Bottom line: When marketers and retailers can tell the story from a consumer experience perspective, the product stops being a thing and becomes part of a consideration as part of a consumer’s lifestyle.

Wake up call – Consumers are now a huge part of the “story”

One could make the argument that marketers have always known this and have used TV ads and videos to tell the “story” of their products. One could also make the argument that good retailers have known about this and have incorporated product demonstrations in their stores.

What’s missing in this marketer driven equation is that consumers are now a huge part of the “story” … BEFORE, during and after a product has been launched.

What has dramatically changed in the last decade is the power of customer experience, and the many ways to transmit and share it … especially through social media. Before taking a trip, booking a hotel, or going to a restaurant consumers can go read the stories about other consumers’ personal experiences. One of the most powerful differentiators Amazon has going are the Consumer Comments – which are essentially consumer stories about their personal experience about the product and how it fit, or didn’t fit their lifestyle.

Just as the stories impact the photographer’s perceptions and outcomes … the consumer experience is becoming interwoven as part of the “story” impacting today’s products.

What’s your story – 3 Lessons for Marketers and Retailers

The power of The Lab case study is that it visually demonstrates the power and impact of how a story can change perceptions and even outcomes. This simple photographer demonstration provides 3 important take-aways for today’s marketers and retailers.

The power of the story begins BEFORE

The photographer case study is a dramatic illustration of how a story influences and impacts outcomes BEFORE an event even happens. In today’s super charged world of social media and sharing experiences, marketers need to start telling the story before a product is even launched. Retail stores must now assume that consumers have heard the story, actually stories, before they ever set foot in a store.

The story becomes more powerful when it is focused on experience

Consumers have moved beyond general benefit statements. They want to understand how things will work in their home and their lifestyle. Marketers need to be able to show “real” consumers using their products. Retailers need to create the opportunity for consumers to experience products as they would actually use them.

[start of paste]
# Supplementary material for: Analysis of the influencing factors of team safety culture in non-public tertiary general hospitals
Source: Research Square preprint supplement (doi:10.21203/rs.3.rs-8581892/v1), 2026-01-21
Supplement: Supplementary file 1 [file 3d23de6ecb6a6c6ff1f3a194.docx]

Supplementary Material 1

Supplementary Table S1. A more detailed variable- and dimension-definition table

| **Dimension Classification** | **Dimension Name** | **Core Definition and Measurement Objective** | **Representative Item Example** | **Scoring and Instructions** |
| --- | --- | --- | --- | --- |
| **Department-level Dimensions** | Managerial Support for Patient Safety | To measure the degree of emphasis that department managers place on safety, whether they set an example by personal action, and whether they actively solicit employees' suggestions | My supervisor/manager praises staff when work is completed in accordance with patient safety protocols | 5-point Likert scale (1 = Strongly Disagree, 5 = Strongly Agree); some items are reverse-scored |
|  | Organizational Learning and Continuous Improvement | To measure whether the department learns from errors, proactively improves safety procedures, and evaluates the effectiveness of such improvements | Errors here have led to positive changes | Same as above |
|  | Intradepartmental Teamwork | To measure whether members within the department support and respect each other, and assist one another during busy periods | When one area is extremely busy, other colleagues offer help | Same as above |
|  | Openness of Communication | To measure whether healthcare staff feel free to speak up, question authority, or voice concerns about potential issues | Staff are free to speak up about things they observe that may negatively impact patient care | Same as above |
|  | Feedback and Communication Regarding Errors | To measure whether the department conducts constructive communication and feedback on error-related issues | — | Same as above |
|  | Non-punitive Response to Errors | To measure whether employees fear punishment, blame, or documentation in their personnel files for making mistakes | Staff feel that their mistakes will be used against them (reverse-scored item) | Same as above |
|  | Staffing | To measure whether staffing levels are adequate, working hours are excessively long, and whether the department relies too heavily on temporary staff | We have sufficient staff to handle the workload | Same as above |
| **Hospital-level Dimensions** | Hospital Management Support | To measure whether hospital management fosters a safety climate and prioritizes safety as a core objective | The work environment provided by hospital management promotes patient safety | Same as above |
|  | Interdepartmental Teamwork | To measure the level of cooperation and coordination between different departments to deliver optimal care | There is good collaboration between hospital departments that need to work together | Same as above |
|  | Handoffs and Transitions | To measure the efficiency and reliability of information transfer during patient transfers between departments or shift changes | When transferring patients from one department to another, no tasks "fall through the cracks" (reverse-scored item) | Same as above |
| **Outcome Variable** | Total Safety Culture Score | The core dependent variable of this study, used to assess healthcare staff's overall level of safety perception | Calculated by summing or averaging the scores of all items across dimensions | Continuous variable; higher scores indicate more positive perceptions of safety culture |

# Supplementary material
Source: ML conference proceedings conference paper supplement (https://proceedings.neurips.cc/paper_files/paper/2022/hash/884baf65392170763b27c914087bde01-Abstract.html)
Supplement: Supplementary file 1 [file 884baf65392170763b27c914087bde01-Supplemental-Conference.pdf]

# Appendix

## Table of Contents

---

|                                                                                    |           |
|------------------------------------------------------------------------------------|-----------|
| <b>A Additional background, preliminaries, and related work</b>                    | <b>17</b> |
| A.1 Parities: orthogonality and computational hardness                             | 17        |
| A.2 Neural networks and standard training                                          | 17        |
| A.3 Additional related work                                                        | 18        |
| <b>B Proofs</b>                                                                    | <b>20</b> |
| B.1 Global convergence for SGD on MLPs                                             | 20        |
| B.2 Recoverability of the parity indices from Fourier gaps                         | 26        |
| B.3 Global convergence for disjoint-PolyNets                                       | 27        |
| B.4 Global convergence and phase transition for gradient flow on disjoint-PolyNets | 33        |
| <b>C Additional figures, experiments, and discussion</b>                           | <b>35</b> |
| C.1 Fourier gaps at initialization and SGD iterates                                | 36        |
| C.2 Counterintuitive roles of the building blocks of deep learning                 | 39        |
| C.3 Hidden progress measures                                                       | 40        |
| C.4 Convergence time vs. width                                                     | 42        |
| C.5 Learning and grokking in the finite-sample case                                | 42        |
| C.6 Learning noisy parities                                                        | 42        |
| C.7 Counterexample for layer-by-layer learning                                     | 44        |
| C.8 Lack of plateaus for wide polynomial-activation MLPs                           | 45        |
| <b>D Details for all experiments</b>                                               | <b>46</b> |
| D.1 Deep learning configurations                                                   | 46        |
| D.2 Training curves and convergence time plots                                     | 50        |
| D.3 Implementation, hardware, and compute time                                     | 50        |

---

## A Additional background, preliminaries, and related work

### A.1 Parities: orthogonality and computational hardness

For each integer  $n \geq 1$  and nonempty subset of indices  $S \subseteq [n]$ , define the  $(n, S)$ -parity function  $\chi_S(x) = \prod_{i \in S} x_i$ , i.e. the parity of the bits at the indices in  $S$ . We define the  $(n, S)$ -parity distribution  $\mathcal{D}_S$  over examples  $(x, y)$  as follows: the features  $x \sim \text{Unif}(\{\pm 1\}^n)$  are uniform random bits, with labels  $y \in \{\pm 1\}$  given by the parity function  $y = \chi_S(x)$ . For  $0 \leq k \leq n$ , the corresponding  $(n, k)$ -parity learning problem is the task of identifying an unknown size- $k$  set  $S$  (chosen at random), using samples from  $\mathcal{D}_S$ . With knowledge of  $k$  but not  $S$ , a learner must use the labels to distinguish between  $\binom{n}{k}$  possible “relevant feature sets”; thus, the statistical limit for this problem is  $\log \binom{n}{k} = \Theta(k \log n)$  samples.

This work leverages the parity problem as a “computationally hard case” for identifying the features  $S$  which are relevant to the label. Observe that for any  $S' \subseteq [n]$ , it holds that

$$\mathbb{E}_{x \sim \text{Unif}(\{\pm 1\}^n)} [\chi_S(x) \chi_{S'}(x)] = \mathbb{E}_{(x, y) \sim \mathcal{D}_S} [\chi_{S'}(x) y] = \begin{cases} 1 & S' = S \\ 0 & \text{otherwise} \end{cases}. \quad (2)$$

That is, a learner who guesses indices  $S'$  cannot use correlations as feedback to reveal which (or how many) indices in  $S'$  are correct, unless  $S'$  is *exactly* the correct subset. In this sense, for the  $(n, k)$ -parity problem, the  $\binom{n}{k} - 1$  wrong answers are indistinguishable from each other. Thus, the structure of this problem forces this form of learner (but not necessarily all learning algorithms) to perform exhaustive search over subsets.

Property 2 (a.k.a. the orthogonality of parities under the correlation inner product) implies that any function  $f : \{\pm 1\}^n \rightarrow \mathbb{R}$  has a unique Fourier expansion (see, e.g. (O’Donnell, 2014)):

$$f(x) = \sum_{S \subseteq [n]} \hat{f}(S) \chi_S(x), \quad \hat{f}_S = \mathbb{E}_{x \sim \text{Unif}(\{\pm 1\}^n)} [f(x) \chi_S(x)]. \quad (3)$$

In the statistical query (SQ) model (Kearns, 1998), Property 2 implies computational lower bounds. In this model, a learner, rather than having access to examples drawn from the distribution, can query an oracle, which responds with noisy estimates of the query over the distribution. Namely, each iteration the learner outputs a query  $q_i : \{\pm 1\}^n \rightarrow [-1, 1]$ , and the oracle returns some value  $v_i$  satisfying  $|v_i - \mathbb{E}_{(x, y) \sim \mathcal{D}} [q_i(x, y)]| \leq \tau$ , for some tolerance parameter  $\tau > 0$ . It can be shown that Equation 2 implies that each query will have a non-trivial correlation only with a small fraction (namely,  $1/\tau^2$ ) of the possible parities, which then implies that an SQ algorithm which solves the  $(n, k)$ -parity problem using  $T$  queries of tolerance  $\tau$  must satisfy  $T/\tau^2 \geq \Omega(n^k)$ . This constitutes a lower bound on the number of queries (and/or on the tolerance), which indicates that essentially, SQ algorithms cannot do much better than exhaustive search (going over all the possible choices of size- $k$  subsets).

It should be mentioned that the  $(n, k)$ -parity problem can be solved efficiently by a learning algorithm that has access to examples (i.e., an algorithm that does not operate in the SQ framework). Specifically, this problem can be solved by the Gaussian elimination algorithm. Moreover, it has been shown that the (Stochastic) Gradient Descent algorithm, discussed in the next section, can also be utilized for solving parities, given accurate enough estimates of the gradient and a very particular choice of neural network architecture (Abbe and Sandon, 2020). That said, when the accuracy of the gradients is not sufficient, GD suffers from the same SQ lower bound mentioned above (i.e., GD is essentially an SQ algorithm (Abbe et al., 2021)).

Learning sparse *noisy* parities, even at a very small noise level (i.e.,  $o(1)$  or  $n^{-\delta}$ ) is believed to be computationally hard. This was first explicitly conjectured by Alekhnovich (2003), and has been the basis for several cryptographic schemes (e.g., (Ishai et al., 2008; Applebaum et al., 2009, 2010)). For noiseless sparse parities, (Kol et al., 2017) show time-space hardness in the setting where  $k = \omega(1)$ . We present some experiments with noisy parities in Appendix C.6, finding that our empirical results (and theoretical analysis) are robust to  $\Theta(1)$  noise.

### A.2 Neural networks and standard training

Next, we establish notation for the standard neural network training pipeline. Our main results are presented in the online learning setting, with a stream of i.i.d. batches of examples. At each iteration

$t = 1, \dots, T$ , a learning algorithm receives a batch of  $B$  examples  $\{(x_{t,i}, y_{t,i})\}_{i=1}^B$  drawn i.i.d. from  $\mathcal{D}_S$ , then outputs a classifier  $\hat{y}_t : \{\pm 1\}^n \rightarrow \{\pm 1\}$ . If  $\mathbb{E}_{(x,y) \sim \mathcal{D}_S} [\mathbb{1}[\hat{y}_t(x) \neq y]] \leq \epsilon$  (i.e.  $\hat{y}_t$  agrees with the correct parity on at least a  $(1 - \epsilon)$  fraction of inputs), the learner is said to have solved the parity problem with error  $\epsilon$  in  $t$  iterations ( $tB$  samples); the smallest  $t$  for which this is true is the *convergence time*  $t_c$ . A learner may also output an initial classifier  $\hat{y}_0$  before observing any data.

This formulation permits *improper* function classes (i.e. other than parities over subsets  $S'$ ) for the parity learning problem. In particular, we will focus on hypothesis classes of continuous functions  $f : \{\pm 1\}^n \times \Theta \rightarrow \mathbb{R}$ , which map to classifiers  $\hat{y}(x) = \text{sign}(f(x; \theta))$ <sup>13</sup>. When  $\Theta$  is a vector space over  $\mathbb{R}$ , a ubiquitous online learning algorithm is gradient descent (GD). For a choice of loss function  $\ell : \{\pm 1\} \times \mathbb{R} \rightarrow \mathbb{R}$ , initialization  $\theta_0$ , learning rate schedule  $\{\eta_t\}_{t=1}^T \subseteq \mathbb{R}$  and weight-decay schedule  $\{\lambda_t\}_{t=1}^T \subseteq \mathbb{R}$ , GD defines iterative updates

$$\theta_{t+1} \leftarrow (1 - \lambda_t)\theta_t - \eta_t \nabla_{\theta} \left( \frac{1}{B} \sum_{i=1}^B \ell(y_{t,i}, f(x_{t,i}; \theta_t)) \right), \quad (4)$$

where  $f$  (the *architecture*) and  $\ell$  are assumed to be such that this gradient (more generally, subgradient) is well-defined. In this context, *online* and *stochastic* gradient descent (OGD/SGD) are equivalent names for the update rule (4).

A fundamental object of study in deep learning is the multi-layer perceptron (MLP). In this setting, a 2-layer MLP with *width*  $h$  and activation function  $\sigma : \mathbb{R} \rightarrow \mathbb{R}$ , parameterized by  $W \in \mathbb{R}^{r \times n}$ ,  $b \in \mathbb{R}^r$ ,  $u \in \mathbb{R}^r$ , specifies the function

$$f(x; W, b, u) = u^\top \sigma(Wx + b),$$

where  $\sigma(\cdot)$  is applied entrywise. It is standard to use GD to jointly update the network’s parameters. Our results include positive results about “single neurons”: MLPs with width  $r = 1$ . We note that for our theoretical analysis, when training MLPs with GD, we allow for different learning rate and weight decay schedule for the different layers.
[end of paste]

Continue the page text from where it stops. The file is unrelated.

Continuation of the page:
Consumers are now part of the story – They help create it and spread it
Consumers are active participants in creating the story, whether you want them to be or not. They readily speak out on social media and customer reviews. Marketers and retailers would be wise to engage consumers proactively in both the experience, and how to tell their own personal story to other consumers.

So, what’s your story? Beauty not only lies in the eyes of the beholder, but in the stories they tell. Do a search and see what your customers are saying on Twitter, Instagram, and Facebook. What they are saying is a major part of your story.

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Inc. Magazine: 6 Photographers Prove That Customer Experience Is All About Marketing, Joel Comm; March 2, 2016
YouTube: THE LAB: DECOY – A portrait session with a twist, Canon Australia
Word Image: David Castillo Dominici; Freedigitalphotos.net

Chris Petersen, Ph.D.
Chris H. Petersen, PhD, CEO of Integrated Marketing Solutions is a strategic consultant who specializes in retail, leadership, marketing, and measurement. He has built a legacy through working with Fortune 500 companies to achieve measurable results in improving their performance and partnerships. Chris is the founder of IMS Retail University, a series of strategic workshops focusing on the critical elements of competing profitably in the increasingly complex retail marketplace.


  1. Excellent article, Chris. Great read, picked up some useful pointers. Customer participation will certainly help make your stories more powerful and more impactful. Thanks, Niraj (Founder at hiverhq.com)